A one-sided arrangement. Earlier this week, budget-minded connected-exercise-maker Echelon Fitness announced the launch of is "Prime Bike," a $499 device that it described in its reveal as "Amazon's first-ever connected fitness product." Through a bring-your-own-tablet interface, the machine would enable owners to join live and on-demand fitness classes through Echelon's subscription service.
"The Prime Bike was developed in collaboration with Amazon, aiming to create an amazing, connected bike for less than $500 and it's proven to be a phenomenal match," Lou Lentine, president and CEO of Echelon Fitness, said in the announcement. "Amazon looking to us to partner on their first-ever connected fitness product is recognition of our commitment to deliver quality at a reasonable price-point as reflected in our explosive growth over the last year."
But all of this appears to have been news to Amazon. The company's spokespeople contacted several news publications Tuesday night to stress that they did not have a direct hand in the product and that it should not share the Amazon or Amazon Prime branding. The Amazon.com product page for the device has since adjusted the device's listed name, and it is currently unavailable for purchase.
“Echelon does not have a formal partnership with Amazon. We are working with Echelon to clarify this in its communications, stop the sale of the product, and change the product branding,” an Amazon spokesperson told GeekWire.
ECG is a go. Samsung has flipped the switch on the ECG feature for its Galaxy Watch3 and Galaxy Watch Active2 devices. Through the Samsung Health Monitor app, users who are older than 22 years of age can receive a reading that the system classifies as either a sinus rhythm or atrial fibrillation.
Although built into the smartwatches and recently given the green light by the FDA, the feature had so far only been activated in South Korea.
Mark your calendar. The European Commission has bumped back the timeline for its investigation into whether or not Google's acquisition of Fitbit violates antitrust regulations, Reuters reports. After announcing that the review would end on Dec. 9 back in August, the regulator is now planning to wrap things up by Dec. 23. No specific reason was given for the pushback.
The Commission is primarily concerned about whether Fitbit-collected data could provide the tech giant with an anticompetitive advantage across online searchers and advertising sales. They are also looking to gauge any potential impact the deal could have on Europe's digital health sector.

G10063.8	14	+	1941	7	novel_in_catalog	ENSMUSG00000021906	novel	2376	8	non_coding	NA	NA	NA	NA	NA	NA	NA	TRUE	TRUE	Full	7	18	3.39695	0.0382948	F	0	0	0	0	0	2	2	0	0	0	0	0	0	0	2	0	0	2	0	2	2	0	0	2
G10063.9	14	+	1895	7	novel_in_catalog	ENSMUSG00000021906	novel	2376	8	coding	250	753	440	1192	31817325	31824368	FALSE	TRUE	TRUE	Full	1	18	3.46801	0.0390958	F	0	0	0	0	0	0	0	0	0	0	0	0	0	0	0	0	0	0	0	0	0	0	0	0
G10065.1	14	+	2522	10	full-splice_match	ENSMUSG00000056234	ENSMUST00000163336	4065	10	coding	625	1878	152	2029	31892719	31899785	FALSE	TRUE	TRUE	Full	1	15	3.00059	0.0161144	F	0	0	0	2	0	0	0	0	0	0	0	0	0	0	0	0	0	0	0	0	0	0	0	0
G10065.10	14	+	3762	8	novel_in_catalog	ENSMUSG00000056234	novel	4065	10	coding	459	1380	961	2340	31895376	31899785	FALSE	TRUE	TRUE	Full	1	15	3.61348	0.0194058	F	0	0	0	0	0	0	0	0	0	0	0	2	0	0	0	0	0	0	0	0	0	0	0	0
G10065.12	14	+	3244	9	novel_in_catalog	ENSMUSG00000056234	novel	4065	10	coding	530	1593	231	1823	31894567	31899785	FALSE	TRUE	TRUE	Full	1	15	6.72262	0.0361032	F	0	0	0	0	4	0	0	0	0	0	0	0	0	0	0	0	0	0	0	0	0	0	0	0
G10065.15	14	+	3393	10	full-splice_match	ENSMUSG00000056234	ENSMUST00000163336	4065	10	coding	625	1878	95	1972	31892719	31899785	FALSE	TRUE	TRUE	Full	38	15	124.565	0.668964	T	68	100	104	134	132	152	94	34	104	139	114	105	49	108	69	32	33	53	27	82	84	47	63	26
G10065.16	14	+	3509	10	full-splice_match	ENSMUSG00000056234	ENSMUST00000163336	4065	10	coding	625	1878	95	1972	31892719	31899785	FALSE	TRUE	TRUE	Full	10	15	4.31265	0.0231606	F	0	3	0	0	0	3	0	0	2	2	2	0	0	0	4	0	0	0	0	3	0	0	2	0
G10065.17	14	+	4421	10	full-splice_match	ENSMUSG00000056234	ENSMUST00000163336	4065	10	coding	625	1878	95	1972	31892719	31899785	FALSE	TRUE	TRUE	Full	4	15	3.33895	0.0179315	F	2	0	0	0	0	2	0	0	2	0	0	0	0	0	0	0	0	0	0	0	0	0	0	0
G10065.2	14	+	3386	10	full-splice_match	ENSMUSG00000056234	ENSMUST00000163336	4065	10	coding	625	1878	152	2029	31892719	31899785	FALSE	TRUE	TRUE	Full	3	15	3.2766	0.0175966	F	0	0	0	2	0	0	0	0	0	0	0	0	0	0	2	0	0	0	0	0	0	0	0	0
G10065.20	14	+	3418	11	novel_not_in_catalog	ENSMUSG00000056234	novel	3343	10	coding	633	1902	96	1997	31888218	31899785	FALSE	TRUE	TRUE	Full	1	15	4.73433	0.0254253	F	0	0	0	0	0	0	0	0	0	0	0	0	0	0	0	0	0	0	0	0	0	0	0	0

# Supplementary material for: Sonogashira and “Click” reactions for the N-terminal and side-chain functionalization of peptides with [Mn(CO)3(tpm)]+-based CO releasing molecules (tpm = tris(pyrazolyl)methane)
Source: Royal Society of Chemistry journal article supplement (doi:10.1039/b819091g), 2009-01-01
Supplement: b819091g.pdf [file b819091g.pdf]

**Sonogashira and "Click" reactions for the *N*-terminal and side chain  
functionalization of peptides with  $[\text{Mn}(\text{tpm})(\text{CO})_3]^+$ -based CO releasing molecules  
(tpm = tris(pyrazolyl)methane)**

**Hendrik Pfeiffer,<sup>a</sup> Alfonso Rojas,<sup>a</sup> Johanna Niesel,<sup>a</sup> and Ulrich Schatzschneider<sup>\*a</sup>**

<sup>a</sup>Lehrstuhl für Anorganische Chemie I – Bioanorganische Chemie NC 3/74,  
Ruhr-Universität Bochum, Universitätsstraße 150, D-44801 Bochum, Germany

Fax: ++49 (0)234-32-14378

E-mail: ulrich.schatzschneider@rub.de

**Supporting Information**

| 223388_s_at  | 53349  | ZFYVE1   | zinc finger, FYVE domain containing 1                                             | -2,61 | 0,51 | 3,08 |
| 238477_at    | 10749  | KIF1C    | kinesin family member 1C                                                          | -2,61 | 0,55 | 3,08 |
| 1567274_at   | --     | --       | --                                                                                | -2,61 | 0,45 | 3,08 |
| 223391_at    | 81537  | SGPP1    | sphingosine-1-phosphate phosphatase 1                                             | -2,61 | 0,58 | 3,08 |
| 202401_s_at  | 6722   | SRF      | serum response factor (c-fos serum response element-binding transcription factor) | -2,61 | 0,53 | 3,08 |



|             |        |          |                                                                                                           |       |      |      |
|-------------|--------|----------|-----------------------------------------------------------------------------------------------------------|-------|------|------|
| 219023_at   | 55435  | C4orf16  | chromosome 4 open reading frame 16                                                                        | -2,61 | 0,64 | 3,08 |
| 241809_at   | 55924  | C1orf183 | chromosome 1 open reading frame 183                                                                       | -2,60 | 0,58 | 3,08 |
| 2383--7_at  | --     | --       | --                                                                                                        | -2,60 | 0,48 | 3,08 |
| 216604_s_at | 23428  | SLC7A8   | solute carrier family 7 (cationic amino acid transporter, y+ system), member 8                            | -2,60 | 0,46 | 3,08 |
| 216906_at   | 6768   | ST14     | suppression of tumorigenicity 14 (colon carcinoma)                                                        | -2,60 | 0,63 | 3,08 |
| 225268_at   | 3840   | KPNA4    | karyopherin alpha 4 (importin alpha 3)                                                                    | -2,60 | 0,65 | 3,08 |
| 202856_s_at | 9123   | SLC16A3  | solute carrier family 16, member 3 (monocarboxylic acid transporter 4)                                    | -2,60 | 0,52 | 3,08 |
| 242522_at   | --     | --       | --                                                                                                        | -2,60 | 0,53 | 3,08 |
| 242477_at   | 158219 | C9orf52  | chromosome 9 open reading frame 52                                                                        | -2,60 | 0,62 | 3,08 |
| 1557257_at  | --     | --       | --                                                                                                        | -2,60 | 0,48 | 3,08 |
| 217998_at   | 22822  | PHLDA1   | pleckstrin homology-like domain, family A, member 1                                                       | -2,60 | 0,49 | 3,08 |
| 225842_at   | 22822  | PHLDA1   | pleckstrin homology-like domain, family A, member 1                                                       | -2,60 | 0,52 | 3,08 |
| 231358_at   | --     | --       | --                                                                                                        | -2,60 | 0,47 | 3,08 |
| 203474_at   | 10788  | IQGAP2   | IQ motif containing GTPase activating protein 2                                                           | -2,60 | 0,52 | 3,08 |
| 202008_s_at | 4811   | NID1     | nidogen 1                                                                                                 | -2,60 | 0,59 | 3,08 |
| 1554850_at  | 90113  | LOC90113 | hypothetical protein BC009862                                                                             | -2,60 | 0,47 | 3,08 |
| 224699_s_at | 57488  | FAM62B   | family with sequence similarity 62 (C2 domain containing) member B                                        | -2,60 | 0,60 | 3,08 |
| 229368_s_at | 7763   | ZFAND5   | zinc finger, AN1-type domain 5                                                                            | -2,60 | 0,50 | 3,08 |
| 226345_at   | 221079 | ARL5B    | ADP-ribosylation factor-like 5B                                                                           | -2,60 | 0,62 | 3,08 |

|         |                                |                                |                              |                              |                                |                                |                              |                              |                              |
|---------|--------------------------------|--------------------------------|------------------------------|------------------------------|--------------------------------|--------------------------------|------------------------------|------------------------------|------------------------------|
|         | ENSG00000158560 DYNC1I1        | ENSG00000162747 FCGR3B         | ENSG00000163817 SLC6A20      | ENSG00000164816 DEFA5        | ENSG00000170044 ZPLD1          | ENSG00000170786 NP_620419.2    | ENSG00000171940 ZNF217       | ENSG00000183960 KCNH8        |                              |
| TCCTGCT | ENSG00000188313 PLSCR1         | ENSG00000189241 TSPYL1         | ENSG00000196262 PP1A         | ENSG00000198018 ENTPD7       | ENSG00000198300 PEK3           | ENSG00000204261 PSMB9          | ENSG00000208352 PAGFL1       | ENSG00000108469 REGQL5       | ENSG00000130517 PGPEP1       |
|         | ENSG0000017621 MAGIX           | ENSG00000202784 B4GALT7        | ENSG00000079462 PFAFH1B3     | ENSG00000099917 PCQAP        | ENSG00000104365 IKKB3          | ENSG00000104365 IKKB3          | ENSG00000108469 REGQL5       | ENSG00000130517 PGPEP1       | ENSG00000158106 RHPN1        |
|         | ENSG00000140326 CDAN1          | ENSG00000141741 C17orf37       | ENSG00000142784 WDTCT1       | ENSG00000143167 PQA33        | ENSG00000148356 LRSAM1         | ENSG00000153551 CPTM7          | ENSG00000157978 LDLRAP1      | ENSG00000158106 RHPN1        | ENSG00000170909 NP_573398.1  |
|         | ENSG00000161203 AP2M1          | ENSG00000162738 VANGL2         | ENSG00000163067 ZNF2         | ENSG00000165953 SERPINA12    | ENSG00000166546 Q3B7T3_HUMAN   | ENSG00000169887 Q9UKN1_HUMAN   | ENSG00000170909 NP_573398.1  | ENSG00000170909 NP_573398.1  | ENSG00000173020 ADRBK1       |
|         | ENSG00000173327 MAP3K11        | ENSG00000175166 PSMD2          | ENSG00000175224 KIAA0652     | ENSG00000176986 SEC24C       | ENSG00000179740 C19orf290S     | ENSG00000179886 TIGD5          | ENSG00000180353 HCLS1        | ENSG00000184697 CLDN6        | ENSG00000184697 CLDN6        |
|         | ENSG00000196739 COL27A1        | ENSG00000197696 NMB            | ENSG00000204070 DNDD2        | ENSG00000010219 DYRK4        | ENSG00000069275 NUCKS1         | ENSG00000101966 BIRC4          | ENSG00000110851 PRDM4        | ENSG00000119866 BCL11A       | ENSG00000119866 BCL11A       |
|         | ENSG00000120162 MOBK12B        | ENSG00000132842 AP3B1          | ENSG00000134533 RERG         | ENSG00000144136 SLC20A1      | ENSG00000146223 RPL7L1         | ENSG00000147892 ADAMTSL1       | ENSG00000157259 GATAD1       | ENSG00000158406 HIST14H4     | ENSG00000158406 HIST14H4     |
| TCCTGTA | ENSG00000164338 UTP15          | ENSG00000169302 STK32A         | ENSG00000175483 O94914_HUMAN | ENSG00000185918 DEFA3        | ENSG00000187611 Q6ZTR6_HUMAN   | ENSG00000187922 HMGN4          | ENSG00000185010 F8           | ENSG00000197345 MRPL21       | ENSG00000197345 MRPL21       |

UCSF taps VivaLNK for atrial fibrillation study. The University of California, San Francisco will be employing continuous wearable ECG sensors from VivaLNK for its 3,000-person atrial fibrillation study, which aims to pinpoint early biomarkers of atrial transformation. Over the course of the 10-year study, participants will be wearing their sensor for roughly one week per month. The devices will capture ECG rhythm, heart rate, respiratory rate and other accelerometer data, which are collected within a paired mobile app and uploaded to the cloud.
“We hope to identify imaging, serum and digital biomarkers of AF risk and progression in this study,” Dr. Jeffrey Olgin, professor of medicine, chief of cardiology and principal investigator of UCSF's study, said in a statement. “The capabilities of the VivaLNK ECG sensor will enable us to capture a larger continuous dataset in order to help achieve our goals.”
Another handheld ultrasound hits the market. Clarius Mobile Health, a competitor in the smartphone-connected handheld ultrasound scanner space, announced yesterday the release of a new device.
Called the Clarius L20 HD and sporting an FDA clearance and CE Mark, the tool has a frequency range of eight to 20 MHz and is capable of imaging down to four centimeters, the company said. The system's paired app is available on iOS and Android, and comes with unlimited cloud storage and Clarius Live telemedicine support for a price of $6,900 in the U.S., £5,750 in the U.K. and €6,250 in the E.U.
"Every medical practitioner should have access to high definition imaging to improve confidence in diagnoses and accuracy in guided procedures. Historically, ultra-high frequency imaging for superficial scanning was only found on costly premium systems, which has been a barrier to adoption," Clarius CEO Laurent Pelissier said in a statement. "We've miniaturized ultrasound, without compromising image quality. With the Clarius L20, we are excited to release the highest frequency ultrasound imaging in a wireless scanner now at such an affordable price point."